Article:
Martinez v. Georgia

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Justia Opinion Summary

Appellant Maurilio Martinez appealed his convictions for the rape and murder of Joy Morris. Appellant argued on appeal: (1) the evidence was insufficient to convict him of rape; (2) trial counsel was ineffective when he failed to move for a directed verdict on the rape charge; and (3) the trial court erred when it overruled his objection to certain comments the prosecutor made during closing argument. . Finding no reversible error, the Georgia Supreme Court affirmed.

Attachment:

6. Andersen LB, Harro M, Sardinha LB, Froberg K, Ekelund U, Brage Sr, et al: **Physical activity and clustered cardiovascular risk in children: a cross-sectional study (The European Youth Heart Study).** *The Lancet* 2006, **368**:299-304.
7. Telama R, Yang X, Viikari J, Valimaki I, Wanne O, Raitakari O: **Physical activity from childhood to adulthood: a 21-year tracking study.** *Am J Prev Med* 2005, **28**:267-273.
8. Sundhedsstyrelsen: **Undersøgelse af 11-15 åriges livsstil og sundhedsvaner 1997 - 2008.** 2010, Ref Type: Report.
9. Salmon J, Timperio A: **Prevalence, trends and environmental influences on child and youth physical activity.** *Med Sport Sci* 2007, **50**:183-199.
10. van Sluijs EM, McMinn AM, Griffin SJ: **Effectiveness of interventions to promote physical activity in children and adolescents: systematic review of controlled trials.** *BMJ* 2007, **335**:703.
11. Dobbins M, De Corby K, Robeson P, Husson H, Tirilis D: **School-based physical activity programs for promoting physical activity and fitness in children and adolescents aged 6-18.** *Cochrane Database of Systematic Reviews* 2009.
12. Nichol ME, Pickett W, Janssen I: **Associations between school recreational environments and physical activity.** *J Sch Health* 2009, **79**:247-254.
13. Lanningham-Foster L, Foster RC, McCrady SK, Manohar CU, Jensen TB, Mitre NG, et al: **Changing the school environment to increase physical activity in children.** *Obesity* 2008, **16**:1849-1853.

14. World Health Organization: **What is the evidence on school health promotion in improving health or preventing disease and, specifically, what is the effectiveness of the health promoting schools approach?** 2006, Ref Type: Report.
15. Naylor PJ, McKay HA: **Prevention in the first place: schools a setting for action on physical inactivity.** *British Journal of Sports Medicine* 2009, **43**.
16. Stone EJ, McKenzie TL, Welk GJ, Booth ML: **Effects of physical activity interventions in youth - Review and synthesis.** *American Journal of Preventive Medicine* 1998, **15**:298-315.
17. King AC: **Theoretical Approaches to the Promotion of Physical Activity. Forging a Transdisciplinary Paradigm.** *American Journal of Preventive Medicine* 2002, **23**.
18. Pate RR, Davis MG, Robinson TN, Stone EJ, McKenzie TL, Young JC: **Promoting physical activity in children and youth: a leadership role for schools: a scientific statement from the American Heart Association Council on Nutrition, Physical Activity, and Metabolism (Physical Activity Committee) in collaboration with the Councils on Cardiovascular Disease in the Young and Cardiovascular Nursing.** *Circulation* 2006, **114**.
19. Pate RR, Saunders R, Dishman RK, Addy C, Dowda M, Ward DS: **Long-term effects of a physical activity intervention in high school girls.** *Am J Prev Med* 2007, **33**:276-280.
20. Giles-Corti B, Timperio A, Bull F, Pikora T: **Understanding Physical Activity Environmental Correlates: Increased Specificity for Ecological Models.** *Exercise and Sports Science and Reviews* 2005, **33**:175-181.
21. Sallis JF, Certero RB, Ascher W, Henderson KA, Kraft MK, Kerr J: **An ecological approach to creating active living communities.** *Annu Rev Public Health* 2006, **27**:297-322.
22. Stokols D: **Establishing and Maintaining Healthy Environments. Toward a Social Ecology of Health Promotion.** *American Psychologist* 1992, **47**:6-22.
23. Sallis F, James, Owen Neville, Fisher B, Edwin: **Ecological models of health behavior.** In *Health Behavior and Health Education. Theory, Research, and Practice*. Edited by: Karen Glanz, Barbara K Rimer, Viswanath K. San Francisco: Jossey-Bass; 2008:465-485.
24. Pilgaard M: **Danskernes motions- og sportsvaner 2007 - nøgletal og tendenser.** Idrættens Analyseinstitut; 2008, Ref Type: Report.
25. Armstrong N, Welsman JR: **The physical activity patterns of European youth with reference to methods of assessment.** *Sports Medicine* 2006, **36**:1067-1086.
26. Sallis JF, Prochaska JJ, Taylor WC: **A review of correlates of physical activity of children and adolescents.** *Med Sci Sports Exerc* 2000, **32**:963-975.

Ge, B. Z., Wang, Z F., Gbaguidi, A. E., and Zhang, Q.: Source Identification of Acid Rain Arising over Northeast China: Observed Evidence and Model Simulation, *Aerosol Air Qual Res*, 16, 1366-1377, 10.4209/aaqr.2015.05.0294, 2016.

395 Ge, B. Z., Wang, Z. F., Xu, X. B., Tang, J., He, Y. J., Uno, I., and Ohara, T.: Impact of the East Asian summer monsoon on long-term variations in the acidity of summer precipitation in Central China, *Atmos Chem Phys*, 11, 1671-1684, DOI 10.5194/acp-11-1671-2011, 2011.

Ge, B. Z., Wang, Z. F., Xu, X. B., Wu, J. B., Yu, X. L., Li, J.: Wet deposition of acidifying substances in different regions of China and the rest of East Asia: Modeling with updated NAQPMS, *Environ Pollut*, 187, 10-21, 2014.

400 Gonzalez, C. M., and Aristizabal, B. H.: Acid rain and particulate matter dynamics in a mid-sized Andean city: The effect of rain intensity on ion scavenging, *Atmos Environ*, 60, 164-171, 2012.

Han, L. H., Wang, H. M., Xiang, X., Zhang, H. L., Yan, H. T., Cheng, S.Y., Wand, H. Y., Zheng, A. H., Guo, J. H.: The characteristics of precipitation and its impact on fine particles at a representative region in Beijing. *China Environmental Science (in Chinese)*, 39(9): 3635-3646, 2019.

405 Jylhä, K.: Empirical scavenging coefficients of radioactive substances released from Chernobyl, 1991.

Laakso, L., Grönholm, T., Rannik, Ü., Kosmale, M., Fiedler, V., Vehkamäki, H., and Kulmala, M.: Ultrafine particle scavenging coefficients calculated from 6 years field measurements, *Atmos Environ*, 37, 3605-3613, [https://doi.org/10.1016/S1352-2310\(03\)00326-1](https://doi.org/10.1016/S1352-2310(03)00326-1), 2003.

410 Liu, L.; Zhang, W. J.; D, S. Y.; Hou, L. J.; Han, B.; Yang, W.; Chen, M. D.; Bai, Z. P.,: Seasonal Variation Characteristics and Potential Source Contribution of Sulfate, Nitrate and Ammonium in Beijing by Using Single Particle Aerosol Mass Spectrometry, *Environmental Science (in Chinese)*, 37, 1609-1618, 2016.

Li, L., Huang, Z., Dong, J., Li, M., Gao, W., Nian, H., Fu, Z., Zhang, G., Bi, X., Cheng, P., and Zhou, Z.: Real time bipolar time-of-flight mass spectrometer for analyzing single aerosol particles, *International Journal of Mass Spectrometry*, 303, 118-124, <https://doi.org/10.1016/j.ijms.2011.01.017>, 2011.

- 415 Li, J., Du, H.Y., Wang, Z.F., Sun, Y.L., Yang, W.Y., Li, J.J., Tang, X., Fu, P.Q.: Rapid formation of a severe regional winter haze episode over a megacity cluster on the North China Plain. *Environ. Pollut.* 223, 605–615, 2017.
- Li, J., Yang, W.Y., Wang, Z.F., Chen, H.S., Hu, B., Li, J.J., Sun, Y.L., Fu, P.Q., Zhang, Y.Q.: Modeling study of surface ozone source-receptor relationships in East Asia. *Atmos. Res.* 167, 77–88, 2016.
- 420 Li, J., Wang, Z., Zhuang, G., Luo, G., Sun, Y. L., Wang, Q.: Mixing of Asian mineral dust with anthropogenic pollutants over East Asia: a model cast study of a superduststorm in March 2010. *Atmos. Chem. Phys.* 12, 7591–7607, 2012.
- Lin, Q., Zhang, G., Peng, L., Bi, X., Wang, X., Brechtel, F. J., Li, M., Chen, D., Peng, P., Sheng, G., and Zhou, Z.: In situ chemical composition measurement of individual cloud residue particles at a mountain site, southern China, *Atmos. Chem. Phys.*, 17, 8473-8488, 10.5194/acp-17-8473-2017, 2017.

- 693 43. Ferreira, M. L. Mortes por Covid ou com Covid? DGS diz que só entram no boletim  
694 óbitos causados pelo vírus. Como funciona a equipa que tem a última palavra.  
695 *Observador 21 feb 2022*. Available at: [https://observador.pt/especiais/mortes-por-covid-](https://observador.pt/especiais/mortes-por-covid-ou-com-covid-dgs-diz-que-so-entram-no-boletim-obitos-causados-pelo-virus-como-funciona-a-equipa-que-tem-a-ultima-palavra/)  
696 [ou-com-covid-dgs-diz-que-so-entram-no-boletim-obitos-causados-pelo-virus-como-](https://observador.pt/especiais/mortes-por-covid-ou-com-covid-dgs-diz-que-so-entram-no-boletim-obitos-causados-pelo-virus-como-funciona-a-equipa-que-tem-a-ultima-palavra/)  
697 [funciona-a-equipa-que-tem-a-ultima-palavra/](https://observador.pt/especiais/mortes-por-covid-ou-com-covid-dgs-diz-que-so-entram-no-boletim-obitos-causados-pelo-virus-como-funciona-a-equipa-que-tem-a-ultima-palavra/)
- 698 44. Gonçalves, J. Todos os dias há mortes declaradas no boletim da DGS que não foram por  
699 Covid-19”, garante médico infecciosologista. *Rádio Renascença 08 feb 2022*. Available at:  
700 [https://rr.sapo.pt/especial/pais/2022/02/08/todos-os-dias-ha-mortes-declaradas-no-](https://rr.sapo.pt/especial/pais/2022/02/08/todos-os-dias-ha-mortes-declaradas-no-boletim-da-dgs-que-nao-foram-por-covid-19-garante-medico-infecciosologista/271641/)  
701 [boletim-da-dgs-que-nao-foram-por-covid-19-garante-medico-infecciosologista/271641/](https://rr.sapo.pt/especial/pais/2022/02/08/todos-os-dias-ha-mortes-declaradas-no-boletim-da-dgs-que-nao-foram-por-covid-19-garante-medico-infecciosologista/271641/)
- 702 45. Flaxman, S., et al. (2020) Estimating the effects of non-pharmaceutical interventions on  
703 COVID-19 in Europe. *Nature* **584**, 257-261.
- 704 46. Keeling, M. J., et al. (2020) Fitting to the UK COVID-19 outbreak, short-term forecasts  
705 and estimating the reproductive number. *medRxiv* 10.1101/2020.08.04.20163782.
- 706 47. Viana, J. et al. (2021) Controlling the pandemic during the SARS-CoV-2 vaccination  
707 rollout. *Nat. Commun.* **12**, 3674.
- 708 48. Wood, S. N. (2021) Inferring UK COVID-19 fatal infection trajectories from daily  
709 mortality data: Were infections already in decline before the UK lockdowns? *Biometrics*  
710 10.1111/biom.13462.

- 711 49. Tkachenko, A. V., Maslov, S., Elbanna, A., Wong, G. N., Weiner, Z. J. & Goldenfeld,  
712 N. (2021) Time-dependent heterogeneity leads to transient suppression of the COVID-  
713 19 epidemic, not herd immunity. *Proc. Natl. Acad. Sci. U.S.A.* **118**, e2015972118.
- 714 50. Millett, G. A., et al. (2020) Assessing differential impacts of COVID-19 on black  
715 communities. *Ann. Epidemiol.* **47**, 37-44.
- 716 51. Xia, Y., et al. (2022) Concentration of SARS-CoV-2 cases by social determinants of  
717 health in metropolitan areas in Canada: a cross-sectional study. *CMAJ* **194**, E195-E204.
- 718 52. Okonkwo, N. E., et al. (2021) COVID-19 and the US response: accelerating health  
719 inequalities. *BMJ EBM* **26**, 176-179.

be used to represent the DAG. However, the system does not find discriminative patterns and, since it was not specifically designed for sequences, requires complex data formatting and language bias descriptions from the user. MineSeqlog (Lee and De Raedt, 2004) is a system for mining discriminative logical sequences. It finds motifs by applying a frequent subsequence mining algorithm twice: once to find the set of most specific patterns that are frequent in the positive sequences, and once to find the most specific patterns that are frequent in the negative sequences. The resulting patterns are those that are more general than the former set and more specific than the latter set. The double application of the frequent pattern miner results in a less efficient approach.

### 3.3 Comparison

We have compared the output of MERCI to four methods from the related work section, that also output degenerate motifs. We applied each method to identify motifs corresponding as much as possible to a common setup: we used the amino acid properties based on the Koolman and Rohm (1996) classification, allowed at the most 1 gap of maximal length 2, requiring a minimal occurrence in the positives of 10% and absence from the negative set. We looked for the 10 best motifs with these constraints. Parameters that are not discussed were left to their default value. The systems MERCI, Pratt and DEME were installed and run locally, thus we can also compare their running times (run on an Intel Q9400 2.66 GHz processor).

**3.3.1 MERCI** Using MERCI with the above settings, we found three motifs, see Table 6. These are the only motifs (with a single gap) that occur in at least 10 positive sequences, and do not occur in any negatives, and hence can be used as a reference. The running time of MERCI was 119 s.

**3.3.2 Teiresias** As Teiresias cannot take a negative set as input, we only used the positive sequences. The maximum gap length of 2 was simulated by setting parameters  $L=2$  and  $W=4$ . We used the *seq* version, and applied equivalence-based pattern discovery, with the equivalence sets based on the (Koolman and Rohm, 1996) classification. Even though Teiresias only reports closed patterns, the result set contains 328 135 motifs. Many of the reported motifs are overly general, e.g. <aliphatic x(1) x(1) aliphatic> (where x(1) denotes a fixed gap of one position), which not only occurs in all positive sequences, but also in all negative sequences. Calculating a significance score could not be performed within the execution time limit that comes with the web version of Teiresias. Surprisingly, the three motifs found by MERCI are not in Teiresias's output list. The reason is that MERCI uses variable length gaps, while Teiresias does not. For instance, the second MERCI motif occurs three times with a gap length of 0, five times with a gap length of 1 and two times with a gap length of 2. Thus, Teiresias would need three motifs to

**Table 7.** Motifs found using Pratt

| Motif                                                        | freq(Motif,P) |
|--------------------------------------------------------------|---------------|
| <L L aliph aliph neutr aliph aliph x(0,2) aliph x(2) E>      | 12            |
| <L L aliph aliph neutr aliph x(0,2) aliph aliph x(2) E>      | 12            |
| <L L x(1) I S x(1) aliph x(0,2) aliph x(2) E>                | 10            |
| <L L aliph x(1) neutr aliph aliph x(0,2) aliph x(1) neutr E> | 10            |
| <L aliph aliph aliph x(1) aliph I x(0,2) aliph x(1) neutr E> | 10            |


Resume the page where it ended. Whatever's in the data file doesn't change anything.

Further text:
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In the Supreme Court of Georgia Decided: September 13, 2017 S17A0901. MARTINEZ v. THE STATE. BENHAM, Justice. Appellant Maurilio Martinez appeals his convictions for the rape and murder of Joy Morris.1 Appellant urges this Court to reverse his convictions because he contends the evidence was insufficient to convict him of rape, trial counsel was ineffective when he failed to move for a directed verdict on the rape charge, and the trial court erred when it overruled his objection to certain comments the prosecutor made during closing argument. For the reasons set forth below, we affirm. 1 The crimes occurred on or about October 31, 2002. On March 26, 2010, a Lowndes County grand jury indicted appellant for malice murder and rape. Appellant was tried before a jury on February 4-6, 2013, with the jury returning verdicts of guilty on both charges. The trial court sentenced appellant to life in prison for malice murder and 20 years to be served concurrently for rape. Appellant moved for a new trial on March 4, 2013, the trial court held a hearing on the motion on July 25, 2015, and the trial court denied the motion on August 21, 2015. Appellant filed a notice of appeal on August 24, 2015, and, upon receipt of the record, the case was docketed in this Court for the April 2017 term, and the case has been submitted for a decision on the briefs. 1. (a) The facts viewed in a light most favorable to upholding the jury’s verdicts show that, on the morning of November 1, 2002, police, who were responding to a call about a suspicious person/vehicle, discovered Morris deceased in her black Mustang in Lowndes County. Morris lived in Kentucky, but had been working in Lowndes County and, according to her husband, she was going to spend the night in the motel near where police discovered her vehicle. When the police found her, Morris was slumped in the driver’s seat of the vehicle, which was pushed back in such a manner that she would not have been able to operate the vehicle. Morris had a phone cord wrapped around her neck, her shirt and bra were raised above her breasts, her pants were unbuttoned and slightly down her hips, and she was not wearing underwear. Morris had blood coming from her ear. The victim’s car was in drivable condition, but Morris was positioned in such a way that her feet could not reach the pedals and she only had one shoe on. The other shoe was found under the front, passenger-side bumper of her vehicle. In addition, an impression of a forearm was found on the hood of the car. Upon measuring the angle of the impression in relation to the hood of the car and the ground, authorities concluded the impression was consistent with someone of the victim’s height. Blood belonging to the victim was also found on the hood. Additionally, there 2 were drag marks on the ground that went from the passenger side of the vehicle to the driver’s side. Inside her vehicle, police recovered a gas station receipt, showing that Morris had purchased gas at a nearby gas station at about 9 p.m. October 31. Morris’s husband testified that he last spoke to his wife on the phone at 8 p.m. or 9 p.m. that night. During the autopsy, the medical examiner performed a rape kit and discovered spermatozoa inside the victim’s vagina, although there was no bruising to her genitals. The medical examiner testified Morris had butalbital, a type of barbiturate, in her blood in an amount that was sufficient to render her unconscious. He also opined that the victim’s unconsciousness would explain why there was no bruising of her genitalia upon being sexually assaulted. The medical examiner testified that the contents of Morris’s stomach indicated that she had eaten approximately an hour before her death. The medical examiner concluded the cause of death was ligature strangulation and explained that it appeared the phone cord had been wrapped around Morris’s neck about two or three times and that the hemorrhaging in her neck suggested the phone cord had been pulled on her neck from right to left and from front to back. Morris also had “grab marks” on her arms, scratches on her body and extremities, and abrasions and a laceration to her face. 3 The spermatozoa collected during the autopsy was submitted for DNA testing and the resulting DNA profile was entered into a national database. At that time a match was made to someone identified as Miguel Santizo in the database. Despite the DNA match, the case went cold for seven years. In 2009, appellant was arrested in Florida, and the DNA he submitted during that arrest came up as a match to the DNA collected in Morris’s rape kit. When interviewed by officers investigating the Morris case, appellant admitted that, as a migrant worker, he used a number of aliases2 and admitted he had been working in Lowndes County around the time of the victim’s death. Appellant denied ever knowing or meeting the victim and he had no explanation for the presence of his DNA in the rape kit. Appellant told authorities that when he was drunk, he often had no memory of what he did while intoxicated. During one of the interviews with appellant, a detective collected a DNA sample directly from appellant and that sample also matched the DNA collected from Morris’s rape kit seven years earlier. In addition, appellant’s known DNA 2 At trial, the State showed that appellant, Miguel Santizo, and Sebastian Moreno were one and the same person by presenting DNA evidence, fingerprint evidence, and in-court identifications by law enforcement officers who had past encounters with appellant going by one of his aliases. 4 profile could not be excluded as the source of DNA material collected from the phone cord wrapped around the victim’s neck. (b) OCGA § 16-6-1 (a) (1) provides that a person commits rape when that person has carnal knowledge of a female forcibly and against her will. Appellant argues that because there was no injury to Morris’s genitalia that the evidence was insufficient to show that any carnal knowledge of Morris was forcible. This argument is without merit. “Vaginal trauma and physical injury are not necessarily a constituent element of the criminal offense of rape.” Searcy v. State, 158 Ga. App. 328 (2) (280 SE2d 161) (1981). See also Skipper v. State, 257 Ga. 802 (1) (b) (364 SE2d 835) (1988) (“Other than the penetration of the female sex organ by the male sex organ, the infliction of physical injury is not an element of the offense of rape.”) The medical examiner explained that the lack of injury to Morris’s genitalia was consistent with the fact that she was likely unconscious due to the butalbital in her system. Furthermore, there was other evidence that Morris was forcibly assaulted, including the acute abrasions to her face and extremities, “grab marks” on her arms, her blood being found on the hood of her vehicle, and drag marks on the ground indicating she was dragged from one side of the vehicle to the other. The evidence was sufficient to authorize a rational trier of fact to find appellant 5 guilty beyond a reasonable doubt of rape, as well as malice murder. Jackson v. Virginia, 443 U.S. 307 (99 SCt 2781, 61 LE2d 560) (1979). 2. Appellant alleges trial counsel rendered ineffective assistance by failing to move for a directed verdict on the charge of rape. “In light of this Court’s holding in [Division 1 (b)] that the evidence adduced at trial satisfied the requirements of Jackson v. Virginia, …counsel’s failure to move for a directed verdict [on the rape count] presents an insufficient ground as a matter of law for claiming ineffective assistance of counsel.” (Citations and punctuation omitted.) Jones v. State, 278 Ga. 880 (608 SE2d 229) (2005). 3. During closing argument, the prosecutor argued as follows: [The crime scene investigator] measured from the ground to where that [forearm] impression is left on the hood, and guess who it matched? Joy Morris. From the ground to where that impression is to Joy Morris’s height. So where did the sexual assault and rape happen? The hood of the car. He had her bent over the hood of that car. Appellant objected on the ground that the statement assumed facts not in evidence, namely that the sexual assault occurred over the hood of the car. The trial court overruled his objection. On appeal, appellant contends the trial court committed reversible error in failing to sustain his objection. We disagree. 6 Attorneys are generally granted wide latitude in making closing arguments and may argue points that may be reasonably inferred from the evidence. See Menefee v. State, __ Ga. __ (4) (a) (801 SE2d 782) (2017). Here the evidence showed there was a forearm impression on the hood of the car; the measurements from the forearm impression in relation to the car’s hood and the ground matched the victim’s height; one of the victim’s shoes was wedged under the passenger side bumper of the car; appellant’s blood was on the hood of the car; the victim had abrasions to her face and extremities; and appellant’s DNA was found inside the victim’s body. Based on this evidence, it was not unreasonable for the State to infer in its argument to the jury that the rape occurred over the hood of the car. The trial court did not commit reversible error. Judgment affirmed. All the Justices concur. 7